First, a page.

Opinion: Why Schwarzenegger, Stallone and nostalgia for ’80s action movies are back

Arnold Schwarzenegger hides behind crates wearing a bulletproof vest and holding a gun
Arnold Schwarzenegger in an episode of Netflix’s new series “FUBAR.”
(Christos Kalohoridis / Netflix)

Threats from Moscow. Rampant inflation. A deadly disease resisting eradication. Worries about the replacement of American workers. Sly. Ahnold.

Looking at the news of the past several years, we might think we’ve been rocketed back to the 1980s, just with less neon and fewer Rubik’s Cubes. History is repeating itself, and not only through fractured politics and the threat of a new Cold War.

In the ’80s, a parade of one-man armies marched into movie theaters, dispensing justice and obliterating the baddies — and all the real-world anxieties those villains represented. Arnold Schwarzenegger, Sylvester Stallone and the action stars who followed in their slipstream jibed with the national mood.

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Forty years ago, anyone afraid and uncertain could seek comfort in the thickly muscled arms of action movie stars, whose characters fulfilled empowerment fantasies by meeting adversity with a wry smile and a loaded machine gun. Stallone’s “Rambo” saga saw a tormented Vietnam vet become so unstoppable that he could head back to the jungle and restore American pride. Other films saw these actors take on drug dealers, serial killers, even — in the case of the bizarre “Cobra” — a cadre of ax-wielding cultists.


As we head into summer, these heroes, as promised, are back. Schwarzenegger and Stallone, both in their 70s, are now mowing down villains in their first TV shows, “FUBAR” and “Tulsa King,” respectively. These shows follow the retro footsteps of last year’s “Top Gun: Maverick,” which blasted to the top of the box office — and landed on Oscar ballots — proving that audiences are ready for some testosterone-soaked nostalgia.

In the 1980s, these movies were a chance to cheer on someone who could actually do something about the threats affecting their lives. For more than a decade, studios have delivered a seemingly endless series of heroes who rely on superpowers to save the day in elaborate, computer-generated scenes. Yet we are still drawn to ’80s-style blockbusters that take place in a world that looks like ours. Watching one gives us a guilt-free hit of adrenaline in dark times.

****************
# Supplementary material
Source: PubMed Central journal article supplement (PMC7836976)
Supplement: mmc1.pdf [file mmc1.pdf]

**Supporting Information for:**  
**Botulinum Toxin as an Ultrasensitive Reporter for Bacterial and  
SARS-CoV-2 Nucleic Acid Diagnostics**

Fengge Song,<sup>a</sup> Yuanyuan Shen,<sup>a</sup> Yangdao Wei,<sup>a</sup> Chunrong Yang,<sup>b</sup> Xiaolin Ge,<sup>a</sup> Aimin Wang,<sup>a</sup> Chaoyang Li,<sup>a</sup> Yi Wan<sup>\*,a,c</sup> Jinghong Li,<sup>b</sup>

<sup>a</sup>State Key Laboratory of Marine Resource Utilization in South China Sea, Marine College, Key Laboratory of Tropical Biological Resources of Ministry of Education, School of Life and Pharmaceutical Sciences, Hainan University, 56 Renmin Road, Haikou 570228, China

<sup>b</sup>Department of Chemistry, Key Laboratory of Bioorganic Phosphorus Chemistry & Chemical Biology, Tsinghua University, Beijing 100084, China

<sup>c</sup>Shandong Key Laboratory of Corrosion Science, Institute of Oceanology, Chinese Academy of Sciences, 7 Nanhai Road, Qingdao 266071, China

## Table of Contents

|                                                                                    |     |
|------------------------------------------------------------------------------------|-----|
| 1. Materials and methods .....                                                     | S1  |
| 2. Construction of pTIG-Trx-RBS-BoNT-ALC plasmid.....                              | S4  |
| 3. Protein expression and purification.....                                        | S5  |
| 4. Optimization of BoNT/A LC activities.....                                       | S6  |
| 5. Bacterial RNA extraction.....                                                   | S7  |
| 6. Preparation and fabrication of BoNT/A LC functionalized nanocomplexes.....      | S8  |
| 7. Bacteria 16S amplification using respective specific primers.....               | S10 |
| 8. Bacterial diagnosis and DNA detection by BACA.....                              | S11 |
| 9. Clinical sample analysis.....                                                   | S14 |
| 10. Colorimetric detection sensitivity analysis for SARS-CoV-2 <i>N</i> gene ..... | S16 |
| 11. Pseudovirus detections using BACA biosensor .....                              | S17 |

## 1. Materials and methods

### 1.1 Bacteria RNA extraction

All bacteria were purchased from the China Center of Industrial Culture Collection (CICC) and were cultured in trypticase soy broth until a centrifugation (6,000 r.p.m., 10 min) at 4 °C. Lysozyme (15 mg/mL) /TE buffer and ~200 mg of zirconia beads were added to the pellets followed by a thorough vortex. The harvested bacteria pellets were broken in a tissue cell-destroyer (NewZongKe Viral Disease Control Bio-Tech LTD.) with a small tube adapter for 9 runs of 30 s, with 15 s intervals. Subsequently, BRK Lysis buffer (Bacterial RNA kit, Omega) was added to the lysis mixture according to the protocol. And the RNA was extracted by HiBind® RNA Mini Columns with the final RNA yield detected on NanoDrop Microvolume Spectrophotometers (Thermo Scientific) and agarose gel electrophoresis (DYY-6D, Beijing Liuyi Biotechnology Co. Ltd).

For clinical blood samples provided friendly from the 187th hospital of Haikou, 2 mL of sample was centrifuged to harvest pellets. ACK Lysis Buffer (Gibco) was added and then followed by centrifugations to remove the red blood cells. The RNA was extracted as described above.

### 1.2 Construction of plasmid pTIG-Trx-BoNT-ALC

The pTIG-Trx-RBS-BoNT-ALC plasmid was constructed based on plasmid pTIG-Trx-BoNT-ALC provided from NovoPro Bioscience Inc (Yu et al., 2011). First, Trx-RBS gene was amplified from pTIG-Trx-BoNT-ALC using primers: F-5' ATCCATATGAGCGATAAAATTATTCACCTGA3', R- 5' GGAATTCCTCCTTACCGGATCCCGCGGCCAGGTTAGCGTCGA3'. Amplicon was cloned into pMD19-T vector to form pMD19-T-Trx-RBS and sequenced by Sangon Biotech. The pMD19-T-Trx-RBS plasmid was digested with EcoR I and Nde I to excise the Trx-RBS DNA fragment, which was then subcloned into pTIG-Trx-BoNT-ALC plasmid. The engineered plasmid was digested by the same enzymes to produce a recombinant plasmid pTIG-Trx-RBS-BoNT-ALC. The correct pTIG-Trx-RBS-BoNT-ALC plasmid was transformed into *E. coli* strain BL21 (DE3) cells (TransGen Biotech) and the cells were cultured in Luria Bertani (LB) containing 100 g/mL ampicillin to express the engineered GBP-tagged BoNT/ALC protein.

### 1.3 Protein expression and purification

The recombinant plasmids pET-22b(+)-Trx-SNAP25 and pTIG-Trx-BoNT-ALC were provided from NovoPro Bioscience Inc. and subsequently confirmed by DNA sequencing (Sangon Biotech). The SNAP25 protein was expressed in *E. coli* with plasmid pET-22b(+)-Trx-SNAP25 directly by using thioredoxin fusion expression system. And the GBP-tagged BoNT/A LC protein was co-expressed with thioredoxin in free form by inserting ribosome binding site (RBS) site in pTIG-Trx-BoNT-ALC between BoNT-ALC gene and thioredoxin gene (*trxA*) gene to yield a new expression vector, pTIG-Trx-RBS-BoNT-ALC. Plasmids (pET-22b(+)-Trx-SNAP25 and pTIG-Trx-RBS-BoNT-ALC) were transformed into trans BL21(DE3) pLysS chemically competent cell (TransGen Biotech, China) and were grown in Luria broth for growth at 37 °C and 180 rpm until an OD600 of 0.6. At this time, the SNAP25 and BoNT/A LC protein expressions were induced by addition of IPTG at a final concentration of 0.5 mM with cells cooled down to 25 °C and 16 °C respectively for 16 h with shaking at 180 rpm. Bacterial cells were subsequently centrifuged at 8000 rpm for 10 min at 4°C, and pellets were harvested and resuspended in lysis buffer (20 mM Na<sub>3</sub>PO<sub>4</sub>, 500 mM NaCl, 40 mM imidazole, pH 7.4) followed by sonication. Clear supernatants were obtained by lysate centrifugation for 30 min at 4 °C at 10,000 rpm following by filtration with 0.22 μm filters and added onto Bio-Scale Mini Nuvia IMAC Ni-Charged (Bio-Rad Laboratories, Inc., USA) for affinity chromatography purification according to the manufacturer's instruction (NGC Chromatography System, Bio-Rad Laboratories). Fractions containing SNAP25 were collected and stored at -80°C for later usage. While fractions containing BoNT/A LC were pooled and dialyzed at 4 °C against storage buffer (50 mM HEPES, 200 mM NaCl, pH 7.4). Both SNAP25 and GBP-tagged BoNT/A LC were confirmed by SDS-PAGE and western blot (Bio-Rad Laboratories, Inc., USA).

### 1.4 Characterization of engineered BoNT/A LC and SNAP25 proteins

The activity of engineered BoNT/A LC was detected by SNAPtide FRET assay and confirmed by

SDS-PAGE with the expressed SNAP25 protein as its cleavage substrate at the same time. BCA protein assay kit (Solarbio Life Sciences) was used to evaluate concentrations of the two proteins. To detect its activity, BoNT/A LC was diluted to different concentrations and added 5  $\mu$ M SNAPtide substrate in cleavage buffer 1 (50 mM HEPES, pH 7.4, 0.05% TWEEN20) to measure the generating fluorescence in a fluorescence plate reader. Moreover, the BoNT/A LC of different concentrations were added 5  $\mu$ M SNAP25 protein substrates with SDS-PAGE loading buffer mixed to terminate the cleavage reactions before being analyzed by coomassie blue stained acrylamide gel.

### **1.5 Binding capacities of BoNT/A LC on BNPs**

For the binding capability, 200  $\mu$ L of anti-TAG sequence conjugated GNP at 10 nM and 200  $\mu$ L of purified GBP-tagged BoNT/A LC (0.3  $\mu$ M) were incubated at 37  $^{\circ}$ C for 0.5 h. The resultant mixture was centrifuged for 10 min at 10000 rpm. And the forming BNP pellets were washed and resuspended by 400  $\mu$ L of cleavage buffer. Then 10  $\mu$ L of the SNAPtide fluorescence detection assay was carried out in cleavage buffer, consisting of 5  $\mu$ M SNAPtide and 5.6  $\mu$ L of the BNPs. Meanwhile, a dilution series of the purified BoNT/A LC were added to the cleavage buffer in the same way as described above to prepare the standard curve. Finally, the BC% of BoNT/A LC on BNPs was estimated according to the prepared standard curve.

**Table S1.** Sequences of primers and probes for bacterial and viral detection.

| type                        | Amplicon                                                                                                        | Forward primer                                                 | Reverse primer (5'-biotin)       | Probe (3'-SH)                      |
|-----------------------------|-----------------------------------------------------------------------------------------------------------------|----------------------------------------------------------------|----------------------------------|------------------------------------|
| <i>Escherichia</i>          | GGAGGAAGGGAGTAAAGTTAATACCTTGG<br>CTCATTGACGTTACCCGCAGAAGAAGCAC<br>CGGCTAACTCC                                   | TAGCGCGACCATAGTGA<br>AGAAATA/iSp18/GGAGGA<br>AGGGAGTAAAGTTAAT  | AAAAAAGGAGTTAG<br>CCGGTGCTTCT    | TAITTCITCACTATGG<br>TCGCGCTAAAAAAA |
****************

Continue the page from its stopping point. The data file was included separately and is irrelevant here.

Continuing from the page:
But action-movie highs come at a cost. They tend to offer cartoonishly simple and violent solutions to complex problems — just as strongmen trying to appeal to desperate citizens do. Certainly the first generation of ’80s action films, and some of the recent renaissance, are frequently misogynistic, and often have nasty streaks of racism and xenophobia.

And those faults can’t just be attributed to the movies being products of their times. “Rambo: Last Blood,” the most recent in the franchise, came out in 2019 and saw its hero take on demonically evil Mexicans, as if a Trump campaign speech had been fused with a Hollywood pitch. Extreme right-leaning politicians have also embraced the action stars of this era. Steven Seagal was feted by Russian President Vladimir Putin this year. Jean-Claude Van Damme’s “Bloodsport” is said to be one of former President Trump’s favorite movies, though he apparently skips through much of the dialogue.

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These movies’ stark “we’re good, you’re evil” philosophy affected us in ways we may not have recognized when they came out. The feeling of “you’re either with us or against us” that filled the screen permeates current political discourse. The films’ idolization of firearms, with endless Glocks, pump-actions and assault rifles, has surely helped fan the flames of American gun worship. As outrageously entertaining as Schwarzenegger’s “Commando” is, its director ruefully admits that the movie has been used to stir up child soldiers in Africa before they were forced into combat.

So, how should we think about our nostalgia for these heroes? Perhaps the trick is to approach them with the kind of nuance that’s too often missing these days. We can appreciate their can-do spirit and the excitement they generate, while admitting their dangers and considering how their best qualities might fit in the 21st century.


It’s still thrilling to watch two Terminators grapple in a shopping mall, or see John McClane save Christmas, or cheer as Rocky battles Drago. And it’s strangely soothing right now to watch Arnie melt down a rogue cyborg (take that, ChatGPT!) or Sly decimate a Soviet army (in your face, Putin!). In the short term, they ease our minds — and remind us that in real life we shouldn’t wait for someone else to save us.

Nick de Semlyen is the editor of Empire magazine. His newest book is “The Last Action Heroes: The Triumphs, Flops, and Feuds of Hollywood’s Kings of Carnage.”